We spent the first 3 days reading various reports about Nauru’s history and assessments of the technology environment in the country. The reports (like much of the material on the internet about Nauru) weren’t too optimistic. Nauru has had a fascinating history for the smallest republic in the world. At one point the country wad the highest GDP per capita in the world thanks to it’s phosphate deposits (ie fossilized bird droppings). Nauru actually has a fascinating parallel to Qatar, which Hans can describe better than myself. The country and its citizens lived a privileged and comfortable life until the ’90′s when phosphate production began dropping. A combination of the loss of phosphate along with questionable investments (the country lost basically all of its foreign investments thanks to a bad loan from GE) threw the country into a pretty chaotic state in 2004 when the country almost lost its independence. Thankfully, the government has now stabilized although Nauru still lacks a viable source of income beyond foreign aid. The technological state of the island also had some hits and misses (the had a very innovative but ultimately failed project attempting to set up WiFi across the island powered by wind and solar power), but thanks to the tireless work of Marcus (seriously the man seems to work 24/7 here) along with numerous foreign donations helped Nauru have an abundance of technical assets and create a fairly stable infrastructure for the government, although the internet is limited by the high price of running cables to the island, the government is currently using 256 mps for 1,200 workers!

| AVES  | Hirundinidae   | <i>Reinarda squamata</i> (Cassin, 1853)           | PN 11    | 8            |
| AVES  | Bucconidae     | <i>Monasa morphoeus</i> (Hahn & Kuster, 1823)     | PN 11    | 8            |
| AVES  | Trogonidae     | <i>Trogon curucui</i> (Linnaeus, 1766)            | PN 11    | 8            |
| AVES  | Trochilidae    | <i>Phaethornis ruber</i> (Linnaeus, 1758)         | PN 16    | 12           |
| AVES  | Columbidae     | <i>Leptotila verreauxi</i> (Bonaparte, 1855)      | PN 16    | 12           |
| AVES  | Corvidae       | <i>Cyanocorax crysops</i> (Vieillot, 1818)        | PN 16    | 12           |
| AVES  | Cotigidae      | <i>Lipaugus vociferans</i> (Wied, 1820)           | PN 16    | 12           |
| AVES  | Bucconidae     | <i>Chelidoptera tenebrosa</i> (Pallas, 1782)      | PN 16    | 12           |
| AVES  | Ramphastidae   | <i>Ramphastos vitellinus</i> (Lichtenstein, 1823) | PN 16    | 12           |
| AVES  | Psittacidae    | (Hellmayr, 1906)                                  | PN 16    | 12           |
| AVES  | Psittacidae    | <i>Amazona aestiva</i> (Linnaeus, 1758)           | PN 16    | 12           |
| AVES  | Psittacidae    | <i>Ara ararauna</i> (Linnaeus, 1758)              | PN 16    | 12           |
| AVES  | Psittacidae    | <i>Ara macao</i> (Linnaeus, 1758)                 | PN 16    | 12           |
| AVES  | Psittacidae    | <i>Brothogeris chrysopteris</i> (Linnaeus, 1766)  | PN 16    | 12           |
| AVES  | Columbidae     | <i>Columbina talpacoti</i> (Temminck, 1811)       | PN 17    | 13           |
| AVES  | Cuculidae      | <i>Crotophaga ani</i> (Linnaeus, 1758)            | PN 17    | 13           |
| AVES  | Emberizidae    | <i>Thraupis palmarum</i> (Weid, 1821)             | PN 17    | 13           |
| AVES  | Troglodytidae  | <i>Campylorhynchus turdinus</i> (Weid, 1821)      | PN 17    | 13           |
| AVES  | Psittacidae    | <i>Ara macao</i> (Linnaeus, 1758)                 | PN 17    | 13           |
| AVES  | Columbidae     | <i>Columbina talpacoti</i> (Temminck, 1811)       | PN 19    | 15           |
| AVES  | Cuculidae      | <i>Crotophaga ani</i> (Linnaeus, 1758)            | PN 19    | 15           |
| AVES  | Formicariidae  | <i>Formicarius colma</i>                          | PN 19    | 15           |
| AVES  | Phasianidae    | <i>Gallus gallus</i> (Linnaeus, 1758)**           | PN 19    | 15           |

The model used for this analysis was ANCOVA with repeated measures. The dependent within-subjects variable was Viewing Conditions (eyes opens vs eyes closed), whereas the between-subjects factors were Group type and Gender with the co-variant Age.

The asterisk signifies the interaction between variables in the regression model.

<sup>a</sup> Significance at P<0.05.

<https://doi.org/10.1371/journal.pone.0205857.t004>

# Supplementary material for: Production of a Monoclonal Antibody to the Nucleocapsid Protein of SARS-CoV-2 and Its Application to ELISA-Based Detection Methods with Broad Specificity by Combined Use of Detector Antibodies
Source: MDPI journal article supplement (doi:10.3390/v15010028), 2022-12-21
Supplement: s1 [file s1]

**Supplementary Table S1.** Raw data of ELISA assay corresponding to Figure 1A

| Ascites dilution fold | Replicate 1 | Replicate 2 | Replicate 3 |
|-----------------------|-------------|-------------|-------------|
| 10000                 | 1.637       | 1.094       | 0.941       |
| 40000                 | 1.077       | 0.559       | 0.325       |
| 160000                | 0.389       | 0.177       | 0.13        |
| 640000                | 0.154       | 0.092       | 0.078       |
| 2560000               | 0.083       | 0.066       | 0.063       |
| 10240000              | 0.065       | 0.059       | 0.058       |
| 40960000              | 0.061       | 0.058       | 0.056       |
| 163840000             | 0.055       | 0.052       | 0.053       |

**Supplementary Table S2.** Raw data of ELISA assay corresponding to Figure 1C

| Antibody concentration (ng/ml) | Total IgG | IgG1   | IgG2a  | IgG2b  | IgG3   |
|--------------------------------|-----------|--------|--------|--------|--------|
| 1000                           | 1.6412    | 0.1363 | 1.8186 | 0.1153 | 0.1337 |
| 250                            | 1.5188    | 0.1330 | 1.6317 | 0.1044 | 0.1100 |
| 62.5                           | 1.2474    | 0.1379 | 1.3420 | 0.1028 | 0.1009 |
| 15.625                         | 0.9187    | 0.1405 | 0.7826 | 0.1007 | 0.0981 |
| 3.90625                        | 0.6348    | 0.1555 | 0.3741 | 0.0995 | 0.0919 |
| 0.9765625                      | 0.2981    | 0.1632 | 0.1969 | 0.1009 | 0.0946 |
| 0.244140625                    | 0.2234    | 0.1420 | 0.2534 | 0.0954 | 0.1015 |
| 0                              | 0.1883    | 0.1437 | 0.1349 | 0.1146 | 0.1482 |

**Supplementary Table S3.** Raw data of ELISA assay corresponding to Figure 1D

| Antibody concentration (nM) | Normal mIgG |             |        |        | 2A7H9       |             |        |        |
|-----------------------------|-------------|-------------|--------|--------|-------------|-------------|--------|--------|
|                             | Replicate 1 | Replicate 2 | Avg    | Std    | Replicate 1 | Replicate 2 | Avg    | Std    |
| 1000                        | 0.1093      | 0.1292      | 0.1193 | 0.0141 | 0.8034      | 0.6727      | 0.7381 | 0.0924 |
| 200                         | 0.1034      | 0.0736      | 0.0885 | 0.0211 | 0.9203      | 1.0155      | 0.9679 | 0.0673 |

Anyways, after the initial days of reading and taking notes we started going out to the government offices in the Yaren district. Luckily, the majority of offices are located next to the parliament and president office buildings (the blue and pink buildings in my pictures). In the first week we made initial contact with the head of departments of Health, Justice, Secretariat, Education, and Finance. We then spent all of Friday (5/29) following the Finance department. Seeing the amount of work and bureaucracy that the Finance Department has to do – even for such a small country that doesn’t even have a banking system (!) – makes you appreciate all the work that the US government does. In the second week we continued our work, observing the work done at the HR, salaries, statistics, media and land transportation departments along with observing a day at the RON Hospital. Needless to say work has been pretty busy. Luckily all of the government employees have been open and helpful, I think they all realize that the government needs help in fully utilizing technology.